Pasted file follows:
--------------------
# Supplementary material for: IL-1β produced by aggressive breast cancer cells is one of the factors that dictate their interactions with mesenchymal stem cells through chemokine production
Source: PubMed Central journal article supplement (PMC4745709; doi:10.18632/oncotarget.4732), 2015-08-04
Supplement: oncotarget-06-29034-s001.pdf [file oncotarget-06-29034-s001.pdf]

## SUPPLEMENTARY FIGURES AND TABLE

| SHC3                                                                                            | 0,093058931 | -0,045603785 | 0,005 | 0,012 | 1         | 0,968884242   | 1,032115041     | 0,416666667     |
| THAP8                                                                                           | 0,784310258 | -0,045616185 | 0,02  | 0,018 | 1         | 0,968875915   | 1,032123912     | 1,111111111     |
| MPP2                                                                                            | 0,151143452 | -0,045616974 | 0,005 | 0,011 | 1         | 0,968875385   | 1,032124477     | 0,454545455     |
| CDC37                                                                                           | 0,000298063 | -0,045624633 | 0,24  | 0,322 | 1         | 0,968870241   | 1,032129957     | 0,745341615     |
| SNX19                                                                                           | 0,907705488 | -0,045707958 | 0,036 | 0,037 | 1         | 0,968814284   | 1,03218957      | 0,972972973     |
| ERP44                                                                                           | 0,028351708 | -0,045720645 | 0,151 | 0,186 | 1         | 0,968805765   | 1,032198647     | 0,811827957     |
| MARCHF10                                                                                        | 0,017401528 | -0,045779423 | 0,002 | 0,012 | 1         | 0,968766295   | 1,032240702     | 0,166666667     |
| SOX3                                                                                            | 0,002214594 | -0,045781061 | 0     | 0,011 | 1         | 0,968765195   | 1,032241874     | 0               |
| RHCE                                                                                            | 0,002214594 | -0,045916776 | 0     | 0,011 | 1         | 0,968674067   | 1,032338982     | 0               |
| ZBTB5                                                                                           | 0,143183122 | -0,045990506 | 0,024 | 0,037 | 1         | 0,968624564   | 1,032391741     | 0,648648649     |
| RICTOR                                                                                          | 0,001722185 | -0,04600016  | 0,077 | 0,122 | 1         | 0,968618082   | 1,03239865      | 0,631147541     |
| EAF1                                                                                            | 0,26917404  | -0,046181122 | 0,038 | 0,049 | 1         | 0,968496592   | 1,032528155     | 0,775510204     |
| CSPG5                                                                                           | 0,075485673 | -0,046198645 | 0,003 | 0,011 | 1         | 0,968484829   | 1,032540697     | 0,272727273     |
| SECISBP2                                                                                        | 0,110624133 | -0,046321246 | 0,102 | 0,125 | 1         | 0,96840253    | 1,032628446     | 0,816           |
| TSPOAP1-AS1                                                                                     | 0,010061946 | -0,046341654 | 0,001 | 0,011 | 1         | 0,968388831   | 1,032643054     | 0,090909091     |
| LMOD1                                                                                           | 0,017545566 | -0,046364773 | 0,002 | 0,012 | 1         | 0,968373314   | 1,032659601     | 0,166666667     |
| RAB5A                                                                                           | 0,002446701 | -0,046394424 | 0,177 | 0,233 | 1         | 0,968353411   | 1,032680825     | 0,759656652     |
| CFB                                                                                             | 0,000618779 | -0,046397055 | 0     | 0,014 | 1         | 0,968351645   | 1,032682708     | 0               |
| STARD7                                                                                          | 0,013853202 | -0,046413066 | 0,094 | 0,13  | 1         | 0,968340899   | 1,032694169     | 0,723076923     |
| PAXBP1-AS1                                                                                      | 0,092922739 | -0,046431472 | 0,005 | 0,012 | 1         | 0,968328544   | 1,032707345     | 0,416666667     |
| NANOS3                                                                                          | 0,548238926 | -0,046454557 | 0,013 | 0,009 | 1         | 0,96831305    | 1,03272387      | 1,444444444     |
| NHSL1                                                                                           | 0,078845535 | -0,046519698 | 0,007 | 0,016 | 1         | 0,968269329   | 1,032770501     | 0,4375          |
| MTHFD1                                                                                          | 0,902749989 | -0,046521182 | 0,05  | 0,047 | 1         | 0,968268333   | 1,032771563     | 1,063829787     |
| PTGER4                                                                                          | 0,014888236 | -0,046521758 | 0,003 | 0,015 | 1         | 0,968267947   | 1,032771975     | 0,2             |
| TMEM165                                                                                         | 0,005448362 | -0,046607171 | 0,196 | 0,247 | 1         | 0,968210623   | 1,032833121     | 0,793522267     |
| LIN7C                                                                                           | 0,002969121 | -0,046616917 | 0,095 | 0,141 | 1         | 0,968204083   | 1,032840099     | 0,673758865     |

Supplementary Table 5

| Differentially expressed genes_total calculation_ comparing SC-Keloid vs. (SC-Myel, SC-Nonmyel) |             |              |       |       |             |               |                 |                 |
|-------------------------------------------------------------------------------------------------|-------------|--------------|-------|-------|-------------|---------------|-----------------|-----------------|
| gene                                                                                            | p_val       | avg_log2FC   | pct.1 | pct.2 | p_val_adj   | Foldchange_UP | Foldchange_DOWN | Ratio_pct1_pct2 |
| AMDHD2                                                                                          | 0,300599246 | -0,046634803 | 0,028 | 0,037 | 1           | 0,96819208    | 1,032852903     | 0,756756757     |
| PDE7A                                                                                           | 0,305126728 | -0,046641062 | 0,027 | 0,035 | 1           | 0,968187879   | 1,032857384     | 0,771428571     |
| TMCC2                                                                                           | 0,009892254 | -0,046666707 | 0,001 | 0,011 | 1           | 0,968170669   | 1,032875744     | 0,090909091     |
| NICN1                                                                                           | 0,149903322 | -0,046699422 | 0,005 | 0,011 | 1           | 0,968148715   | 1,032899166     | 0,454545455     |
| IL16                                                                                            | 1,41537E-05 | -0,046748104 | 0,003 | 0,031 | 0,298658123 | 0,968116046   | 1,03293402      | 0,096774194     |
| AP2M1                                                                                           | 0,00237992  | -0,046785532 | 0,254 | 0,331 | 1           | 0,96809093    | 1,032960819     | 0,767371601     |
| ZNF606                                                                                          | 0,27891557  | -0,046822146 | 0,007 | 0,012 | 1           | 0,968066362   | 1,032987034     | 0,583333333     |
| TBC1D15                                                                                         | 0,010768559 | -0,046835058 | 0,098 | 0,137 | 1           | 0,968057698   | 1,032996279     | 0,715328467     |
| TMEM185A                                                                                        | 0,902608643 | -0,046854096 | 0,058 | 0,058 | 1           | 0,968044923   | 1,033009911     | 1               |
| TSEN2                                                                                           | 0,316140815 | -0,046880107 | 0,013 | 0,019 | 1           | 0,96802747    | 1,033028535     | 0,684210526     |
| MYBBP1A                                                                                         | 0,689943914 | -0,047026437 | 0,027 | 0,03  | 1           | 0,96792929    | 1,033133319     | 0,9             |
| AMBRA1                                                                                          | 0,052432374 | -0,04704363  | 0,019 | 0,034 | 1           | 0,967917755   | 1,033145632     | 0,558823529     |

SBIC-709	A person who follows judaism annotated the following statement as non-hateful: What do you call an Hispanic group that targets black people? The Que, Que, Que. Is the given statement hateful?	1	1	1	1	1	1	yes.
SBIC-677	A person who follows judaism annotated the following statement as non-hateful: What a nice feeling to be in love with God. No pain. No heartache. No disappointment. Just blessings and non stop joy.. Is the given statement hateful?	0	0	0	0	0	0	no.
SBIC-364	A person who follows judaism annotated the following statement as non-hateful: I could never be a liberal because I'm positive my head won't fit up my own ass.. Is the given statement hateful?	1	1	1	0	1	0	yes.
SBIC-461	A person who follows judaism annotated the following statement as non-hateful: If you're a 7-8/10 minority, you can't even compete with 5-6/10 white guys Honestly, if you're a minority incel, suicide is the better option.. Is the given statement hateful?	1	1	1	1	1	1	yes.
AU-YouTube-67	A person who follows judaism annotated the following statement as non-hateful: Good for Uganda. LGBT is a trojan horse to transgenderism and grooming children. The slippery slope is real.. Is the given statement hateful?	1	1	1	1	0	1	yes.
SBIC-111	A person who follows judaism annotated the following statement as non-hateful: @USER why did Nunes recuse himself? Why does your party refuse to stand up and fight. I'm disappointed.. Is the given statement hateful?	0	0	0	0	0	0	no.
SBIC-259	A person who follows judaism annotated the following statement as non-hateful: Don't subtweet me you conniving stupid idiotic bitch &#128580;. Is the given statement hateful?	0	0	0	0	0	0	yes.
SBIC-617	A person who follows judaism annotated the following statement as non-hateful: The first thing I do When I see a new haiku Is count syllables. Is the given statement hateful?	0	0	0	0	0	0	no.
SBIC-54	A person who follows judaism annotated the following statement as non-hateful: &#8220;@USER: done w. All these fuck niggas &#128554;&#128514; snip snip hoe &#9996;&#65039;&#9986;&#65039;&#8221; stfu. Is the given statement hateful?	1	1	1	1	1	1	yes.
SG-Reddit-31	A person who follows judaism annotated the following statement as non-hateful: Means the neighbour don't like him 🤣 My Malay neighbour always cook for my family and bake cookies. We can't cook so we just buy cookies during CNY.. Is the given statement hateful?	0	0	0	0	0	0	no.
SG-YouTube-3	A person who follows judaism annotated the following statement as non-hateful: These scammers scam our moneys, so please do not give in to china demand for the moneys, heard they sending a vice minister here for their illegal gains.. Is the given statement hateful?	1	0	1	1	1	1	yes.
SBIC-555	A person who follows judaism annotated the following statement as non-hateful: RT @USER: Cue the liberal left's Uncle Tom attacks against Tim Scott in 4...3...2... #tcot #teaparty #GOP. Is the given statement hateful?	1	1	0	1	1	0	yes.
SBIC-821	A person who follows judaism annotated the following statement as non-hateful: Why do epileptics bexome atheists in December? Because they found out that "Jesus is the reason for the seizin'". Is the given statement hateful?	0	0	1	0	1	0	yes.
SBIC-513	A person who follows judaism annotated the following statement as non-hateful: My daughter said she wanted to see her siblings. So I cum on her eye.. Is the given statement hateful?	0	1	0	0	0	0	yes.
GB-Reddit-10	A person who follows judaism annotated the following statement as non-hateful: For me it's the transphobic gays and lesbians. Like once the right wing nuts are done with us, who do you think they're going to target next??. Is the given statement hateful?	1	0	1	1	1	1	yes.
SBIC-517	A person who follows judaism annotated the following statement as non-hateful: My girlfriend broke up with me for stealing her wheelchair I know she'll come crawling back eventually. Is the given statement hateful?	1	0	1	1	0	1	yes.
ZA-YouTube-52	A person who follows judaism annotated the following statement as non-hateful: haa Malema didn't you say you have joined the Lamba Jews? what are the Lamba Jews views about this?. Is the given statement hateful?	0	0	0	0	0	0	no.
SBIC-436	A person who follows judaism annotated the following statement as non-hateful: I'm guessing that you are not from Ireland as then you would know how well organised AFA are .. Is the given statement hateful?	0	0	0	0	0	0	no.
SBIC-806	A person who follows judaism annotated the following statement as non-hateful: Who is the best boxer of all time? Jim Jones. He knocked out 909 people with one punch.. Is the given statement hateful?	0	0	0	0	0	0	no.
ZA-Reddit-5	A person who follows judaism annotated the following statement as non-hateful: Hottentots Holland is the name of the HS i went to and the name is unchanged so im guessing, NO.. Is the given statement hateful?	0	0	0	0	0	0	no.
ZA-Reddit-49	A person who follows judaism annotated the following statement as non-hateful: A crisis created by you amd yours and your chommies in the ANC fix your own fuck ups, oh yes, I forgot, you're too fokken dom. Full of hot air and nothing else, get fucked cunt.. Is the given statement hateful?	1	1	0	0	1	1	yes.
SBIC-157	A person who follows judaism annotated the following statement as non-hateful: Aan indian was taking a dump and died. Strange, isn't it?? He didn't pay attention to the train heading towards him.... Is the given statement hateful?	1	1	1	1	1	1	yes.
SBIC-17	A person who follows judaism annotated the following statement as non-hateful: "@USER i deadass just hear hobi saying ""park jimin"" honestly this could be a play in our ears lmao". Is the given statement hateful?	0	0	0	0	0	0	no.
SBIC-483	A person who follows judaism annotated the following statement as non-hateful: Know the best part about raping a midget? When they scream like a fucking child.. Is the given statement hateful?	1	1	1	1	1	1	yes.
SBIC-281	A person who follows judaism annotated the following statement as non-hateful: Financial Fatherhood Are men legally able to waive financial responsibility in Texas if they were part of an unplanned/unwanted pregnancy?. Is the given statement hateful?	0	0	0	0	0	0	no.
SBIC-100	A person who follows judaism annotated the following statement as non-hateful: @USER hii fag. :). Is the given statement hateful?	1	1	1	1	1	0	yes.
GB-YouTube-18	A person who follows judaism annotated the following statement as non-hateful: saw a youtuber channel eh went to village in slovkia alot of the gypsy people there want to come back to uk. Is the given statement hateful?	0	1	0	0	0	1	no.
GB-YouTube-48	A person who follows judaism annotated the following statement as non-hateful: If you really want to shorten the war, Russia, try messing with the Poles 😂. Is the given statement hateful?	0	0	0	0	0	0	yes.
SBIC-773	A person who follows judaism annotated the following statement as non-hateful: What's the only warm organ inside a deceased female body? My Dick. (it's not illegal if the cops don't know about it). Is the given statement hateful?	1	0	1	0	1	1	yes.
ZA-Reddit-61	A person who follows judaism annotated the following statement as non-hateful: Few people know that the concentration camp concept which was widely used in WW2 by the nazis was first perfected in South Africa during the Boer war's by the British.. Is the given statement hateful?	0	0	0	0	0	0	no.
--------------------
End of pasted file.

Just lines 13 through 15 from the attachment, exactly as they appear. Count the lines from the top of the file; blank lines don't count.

| RHCE                                                                                            | 0,002214594 | -0,045916776 | 0     | 0,011 | 1         | 0,968674067   | 1,032338982     | 0               |
| ZBTB5                                                                                           | 0,143183122 | -0,045990506 | 0,024 | 0,037 | 1         | 0,968624564   | 1,032391741     | 0,648648649     |
| RICTOR                                                                                          | 0,001722185 | -0,04600016  | 0,077 | 0,122 | 1         | 0,968618082   | 1,03239865      | 0,631147541     |